Jewish Psychotherapist Print
On Superstars, Yuppies, Family Men and Chasids by Dr. Sanford Drob
On Superstars, Yuppies, Family Men and Chasids by Dr. Sanford Drob

Volume 1 , Issue 4

A friend of mine, a Baal Teshuva of many years who has embraced the chasidic way of life, recently remarked half jokingly that he aspired to be a Chuppie, a word that is an amalgam of the terms chasid and Yuppie and which expressed his desire to be both spiritually elevated and financially and materially secure. While my friend may have been joking about himself I have come to see that the caricature evoked by the term Chuppie, however unpleasant, applies very well to myself' and many of my fellow Orthodox Jews. Only in our case, while to be a chasid refers to our desire for spiritual elevation, the term yuppie means more than simple financial and material security. Rather yuppie embraces a whole set of values, largely rooted in American culture, which define the nature of personal success, how one ought to spend his time and money, and perhaps most importantly, what constitutes enjoyment or ?fun?.

For many individuals the discovery of two distinct sets of values, of two radically different self-images within the self is, to say the least, quite distressing. The two, it seems, are mutually contradictory and when looked at from the perspective of traditional Judaism, seem to reflect the conflict between an individual's Yetzer Hatov (the good desire) and the Yetzer Hara (the bad desire). On the one hand the individual desires to be a pious, God fearing Jew, steeped in Torah, practicing acts of loving-kindness towards others, and generally nullifying his self or ?ego? in the greater cause of family, the Jewish people, and tikkun olarn, the repair of the world. On the other hand, the individual may be equally taken, for example, by the game of tennis or golf, decorating his apartment, shopping for a new sports car, and (when the stock market was still good) counting his profits on his investments. At times he is able to reconcile these two self-images, but most of the time, he keeps them a fair distance apart, rationalizing, if he even thinks about it at ail, that there are just two sides to his personality, twosides to his soul. It is only during times of cheshbon nefesh (introspection or soul-searching) that the two self-images are experienced as conflicting, pulling the individual in seemingly opposite directions. It was during one such period that myself became determined to better understand the psychology of this conflict which so many of us experience, and to work towards its resolution.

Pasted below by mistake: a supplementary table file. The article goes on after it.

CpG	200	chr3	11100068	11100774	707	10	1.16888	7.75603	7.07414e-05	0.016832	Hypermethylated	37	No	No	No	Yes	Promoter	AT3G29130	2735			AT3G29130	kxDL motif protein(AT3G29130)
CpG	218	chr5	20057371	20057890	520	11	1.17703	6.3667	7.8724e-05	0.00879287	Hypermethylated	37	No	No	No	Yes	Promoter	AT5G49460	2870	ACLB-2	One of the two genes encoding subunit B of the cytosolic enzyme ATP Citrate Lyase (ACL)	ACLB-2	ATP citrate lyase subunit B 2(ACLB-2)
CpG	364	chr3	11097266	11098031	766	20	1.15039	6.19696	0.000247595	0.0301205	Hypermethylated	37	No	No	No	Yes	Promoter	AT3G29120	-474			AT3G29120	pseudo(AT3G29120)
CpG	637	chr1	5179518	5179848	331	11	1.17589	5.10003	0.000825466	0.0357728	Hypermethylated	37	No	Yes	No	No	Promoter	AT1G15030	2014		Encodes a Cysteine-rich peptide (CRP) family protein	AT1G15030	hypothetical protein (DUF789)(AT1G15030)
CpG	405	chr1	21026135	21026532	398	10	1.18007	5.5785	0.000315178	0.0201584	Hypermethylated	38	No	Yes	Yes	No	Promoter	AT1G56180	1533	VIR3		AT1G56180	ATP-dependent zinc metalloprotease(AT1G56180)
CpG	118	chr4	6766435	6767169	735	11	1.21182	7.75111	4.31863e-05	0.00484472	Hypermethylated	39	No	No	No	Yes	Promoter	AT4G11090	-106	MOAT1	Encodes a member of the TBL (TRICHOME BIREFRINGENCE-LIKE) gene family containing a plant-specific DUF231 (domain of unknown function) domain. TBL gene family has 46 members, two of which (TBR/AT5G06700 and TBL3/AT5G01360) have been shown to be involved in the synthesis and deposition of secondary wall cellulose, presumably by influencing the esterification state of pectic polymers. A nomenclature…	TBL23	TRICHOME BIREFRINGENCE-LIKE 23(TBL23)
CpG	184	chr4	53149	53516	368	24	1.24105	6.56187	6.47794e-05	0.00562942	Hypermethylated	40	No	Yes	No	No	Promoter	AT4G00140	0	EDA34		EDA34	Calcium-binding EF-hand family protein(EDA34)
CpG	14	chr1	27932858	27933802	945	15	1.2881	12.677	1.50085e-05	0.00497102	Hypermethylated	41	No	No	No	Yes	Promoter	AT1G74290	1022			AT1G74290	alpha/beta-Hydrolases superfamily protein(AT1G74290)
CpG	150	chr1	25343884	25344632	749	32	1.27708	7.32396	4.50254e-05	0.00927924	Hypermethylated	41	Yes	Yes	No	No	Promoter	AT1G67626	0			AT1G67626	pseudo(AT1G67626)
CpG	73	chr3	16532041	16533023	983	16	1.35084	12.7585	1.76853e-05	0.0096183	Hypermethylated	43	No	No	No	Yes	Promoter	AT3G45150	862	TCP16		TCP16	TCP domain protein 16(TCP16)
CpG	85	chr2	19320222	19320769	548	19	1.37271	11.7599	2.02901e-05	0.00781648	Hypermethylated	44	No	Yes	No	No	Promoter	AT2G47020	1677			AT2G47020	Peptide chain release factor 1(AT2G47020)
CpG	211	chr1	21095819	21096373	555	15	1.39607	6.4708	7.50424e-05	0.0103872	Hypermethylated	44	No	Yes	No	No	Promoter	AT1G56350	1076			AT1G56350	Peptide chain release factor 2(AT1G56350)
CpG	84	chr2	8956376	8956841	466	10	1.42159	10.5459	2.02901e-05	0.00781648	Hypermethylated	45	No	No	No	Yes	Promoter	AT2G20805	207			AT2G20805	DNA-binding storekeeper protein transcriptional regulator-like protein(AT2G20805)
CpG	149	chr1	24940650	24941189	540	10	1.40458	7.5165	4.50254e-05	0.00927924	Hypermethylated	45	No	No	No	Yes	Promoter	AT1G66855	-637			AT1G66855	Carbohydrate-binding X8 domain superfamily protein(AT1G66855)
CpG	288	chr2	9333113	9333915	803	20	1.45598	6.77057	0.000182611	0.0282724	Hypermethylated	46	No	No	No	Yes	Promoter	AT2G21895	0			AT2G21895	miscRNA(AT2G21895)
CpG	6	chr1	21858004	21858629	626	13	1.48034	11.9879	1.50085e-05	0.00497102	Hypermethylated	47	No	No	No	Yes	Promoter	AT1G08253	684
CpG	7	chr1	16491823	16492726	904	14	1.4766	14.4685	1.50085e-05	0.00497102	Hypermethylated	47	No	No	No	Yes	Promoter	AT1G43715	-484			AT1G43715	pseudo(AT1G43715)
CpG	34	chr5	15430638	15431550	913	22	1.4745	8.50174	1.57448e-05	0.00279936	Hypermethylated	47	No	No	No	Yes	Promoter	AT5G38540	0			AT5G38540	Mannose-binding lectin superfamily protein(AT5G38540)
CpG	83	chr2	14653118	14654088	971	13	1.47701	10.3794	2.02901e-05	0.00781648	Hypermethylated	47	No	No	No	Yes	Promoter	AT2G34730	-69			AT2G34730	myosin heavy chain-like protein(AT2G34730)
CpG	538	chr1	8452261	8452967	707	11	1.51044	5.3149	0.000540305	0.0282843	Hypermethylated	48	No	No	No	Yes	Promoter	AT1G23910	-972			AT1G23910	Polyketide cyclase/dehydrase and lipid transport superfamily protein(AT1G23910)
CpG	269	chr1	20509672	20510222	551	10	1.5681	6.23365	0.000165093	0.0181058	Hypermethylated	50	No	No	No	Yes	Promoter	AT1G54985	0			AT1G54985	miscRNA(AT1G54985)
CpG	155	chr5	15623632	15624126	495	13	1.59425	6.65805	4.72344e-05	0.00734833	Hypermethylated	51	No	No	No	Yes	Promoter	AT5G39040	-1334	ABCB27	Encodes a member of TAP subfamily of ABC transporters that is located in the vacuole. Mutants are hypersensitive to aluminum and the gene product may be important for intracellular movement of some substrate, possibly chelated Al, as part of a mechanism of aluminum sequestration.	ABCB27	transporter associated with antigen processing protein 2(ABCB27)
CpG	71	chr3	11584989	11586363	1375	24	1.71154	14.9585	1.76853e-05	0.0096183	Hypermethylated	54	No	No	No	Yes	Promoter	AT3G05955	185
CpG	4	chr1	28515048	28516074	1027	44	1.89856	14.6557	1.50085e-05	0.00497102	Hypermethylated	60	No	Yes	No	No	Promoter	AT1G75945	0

Labeling the Personas

I soon realized that simply labeling one side of the conflict Hatov ?the good? and the other Nara, ?the bad?, does nothing to resolve and may indeed worsen the problem.In fact, the connotations of Yetzer Hara and Yetzer Hara within traditional Jewish sources are such as to make the good/bad distinction, as we understand these terms in English and in secular society, foreign to Judaism. For in Judaism, even the power of the Yetzer Hara, even our self-centered, egoistic impulse derives from God and is to be elevated in His service and not, according to most sources, repressed or destroyed. A more subtle approach is needed, one that does justice both to Judaism and to the values and psychology of the modem world. We can arrive at such an approach only by realizing that what appear to be two diametrically opposed sets of values are in reality a more gradual continuum of four! I have observed these four sets of values, self images or personas in many Jewishly committed individuals and I describe them here in the hope that the reader will introspect tosee if he or she can discover them within him or herself.